Judge Ema Aitken, The Alcohol and Other Drug Treatment Court

It costs around $100,000 a year to house just one prison inmate; that’s more than $270 a day.

Auckland District Court judge, Ema Aitken, believes New Zealand’s current justice system must change. 

“It’s time to be honest about the cost of the status quo,” she says.

So, she’s doing something about it.

Along with West Auckland’s Waitakere District Court judge, Lisa Tremewan, Judge Aitken has established The Alcohol and Other Drug Treatment Court pilot. The pair is making it their mission to introduce a better system of rehabilitation for drug and alcohol addicts awaiting a prison sentence.

Judge Aitken knows firsthand that the current system is failing with a lot of New Zealand's offenders. When she looks into the eyes of a convicted person, she sees a soul who is “sick and tired of being sick and tired.”

It’s a phrase Judge Aitken has coined after witnessing the look of desperation countless times throughout the years she’s worked in New Zealand courts, sentencing people for crimes relating to drug and alcohol abuse. 

“The tools I have as a sentencing judge aren’t always appropriate and it doesn’t take long before I see the same people circling through the system,” she says.

“It’s depressing seeing people go round and round; it certainly doesn’t reduce crime. I often have people tell me, ‘I’m sick of my life, I just don’t know how to change it.’”

Judge Aitken doesn’t deny there’s a place for prison, but it needs to be a last resort, she says, with the focus on holding people accountable for their behaviour and on reducing offending.  The five-year pilot is in its final year and while it’s still too early to say whether it will be a fixed feature in our justice system, Judge Aitken says the numbers show it’s proving effective.

“We have saved literally millions of dollars in prison costs and there are many benefits, including the reduction of reoffending. Participants are offending less often and less seriously, so it has a positive effect on the wider community as well,” she says. “We know where the gaps are and we’ve joined the dots.”

It’s a three-phase, 18-month-long programme designed for high-needs and high-risk addicts who are facing prison, or who have tried but failed treatment programmes in the past.

So far the court’s had 110 graduates. To graduate, offenders must have been drug and alcohol free for 18 months and be employed or enrolled in study.

“They go from being a drain on the tax payer to being a tax payer,” Judge Aitken says.

The first phase of court sees participants enter a local alcohol or drug treatment programme for up to six months, completely abstaining from their chosen poison. The next steps involve tailored one-on-one courses like anger management as well as volunteer work.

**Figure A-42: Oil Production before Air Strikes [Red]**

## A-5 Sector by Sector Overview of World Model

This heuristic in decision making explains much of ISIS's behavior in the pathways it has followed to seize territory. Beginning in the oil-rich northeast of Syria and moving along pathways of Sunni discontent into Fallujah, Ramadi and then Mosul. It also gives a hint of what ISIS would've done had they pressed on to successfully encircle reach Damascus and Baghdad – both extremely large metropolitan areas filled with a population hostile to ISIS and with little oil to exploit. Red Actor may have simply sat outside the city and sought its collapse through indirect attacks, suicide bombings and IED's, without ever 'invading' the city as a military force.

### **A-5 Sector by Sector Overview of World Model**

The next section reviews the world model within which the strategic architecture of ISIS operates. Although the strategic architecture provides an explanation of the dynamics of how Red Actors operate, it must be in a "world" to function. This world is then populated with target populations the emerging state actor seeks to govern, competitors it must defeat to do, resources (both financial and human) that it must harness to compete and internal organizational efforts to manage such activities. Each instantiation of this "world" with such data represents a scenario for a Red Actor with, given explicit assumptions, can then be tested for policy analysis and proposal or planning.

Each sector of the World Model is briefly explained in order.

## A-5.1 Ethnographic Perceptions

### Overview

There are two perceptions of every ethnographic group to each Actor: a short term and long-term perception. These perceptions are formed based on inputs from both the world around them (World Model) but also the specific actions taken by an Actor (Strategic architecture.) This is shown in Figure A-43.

“Part of the recovery process is cleaning up what they’ve messed up. We’ve contributed 20,000 hours of volunteer work over the pilot’s five years,” Judge Aitken says.

“It’s rewarding for them to give back to a community, and it’s in places which are going to enhance their recovery, such as the Salvation Army.”

The ‘therapeutic model’ used in the courtroom means that the focus is on specific behaviour; it’s not a personal attack on the offender up for sentencing.

“I use practices and procedures to enhance wellness and maintain a person’s dignity,” Judge Aitken explains. “They see the support and respect and start to feel valued. We hold hope for them. It’s the first time for a lot of them that someone’s cared.”

Judges Aitken and Tremewan have tailored New Zealand’s pilot so it offers peer support, often from former addicts who themselves have had run-ins with
the law. There’s also a pou oranga, a cultural advisor, whose role is to impact Maori in a positive way; court begins with a waiata and karakia: song and prayer.

“We are transforming lives. It doesn’t happen overnight and we don’t expect to be miracle workers, but I’m constantly humbled by the effort and determination our participants put into their recovery,” Judge Aitken says. “What we see in court is a transformation on every level.”

General Manager of AA Motoring Affairs, Mike Noon, says the AA is fully supportive of the programme.

“The AA’s focus on keeping drunk and drugged drivers off our roads has led us to closely follow Judge Aitken’s work with the Alcohol and Other Drug Treatment Court pilot.

We have seen serial, repeat drink-drivers successfully stop offending and turn their lives around through the programme,”  Mike says. “The AA wants to see these courts expanded through the country, because they work.”

Reported by Monica Tischler for our AA Directions Autumn 2018 issue

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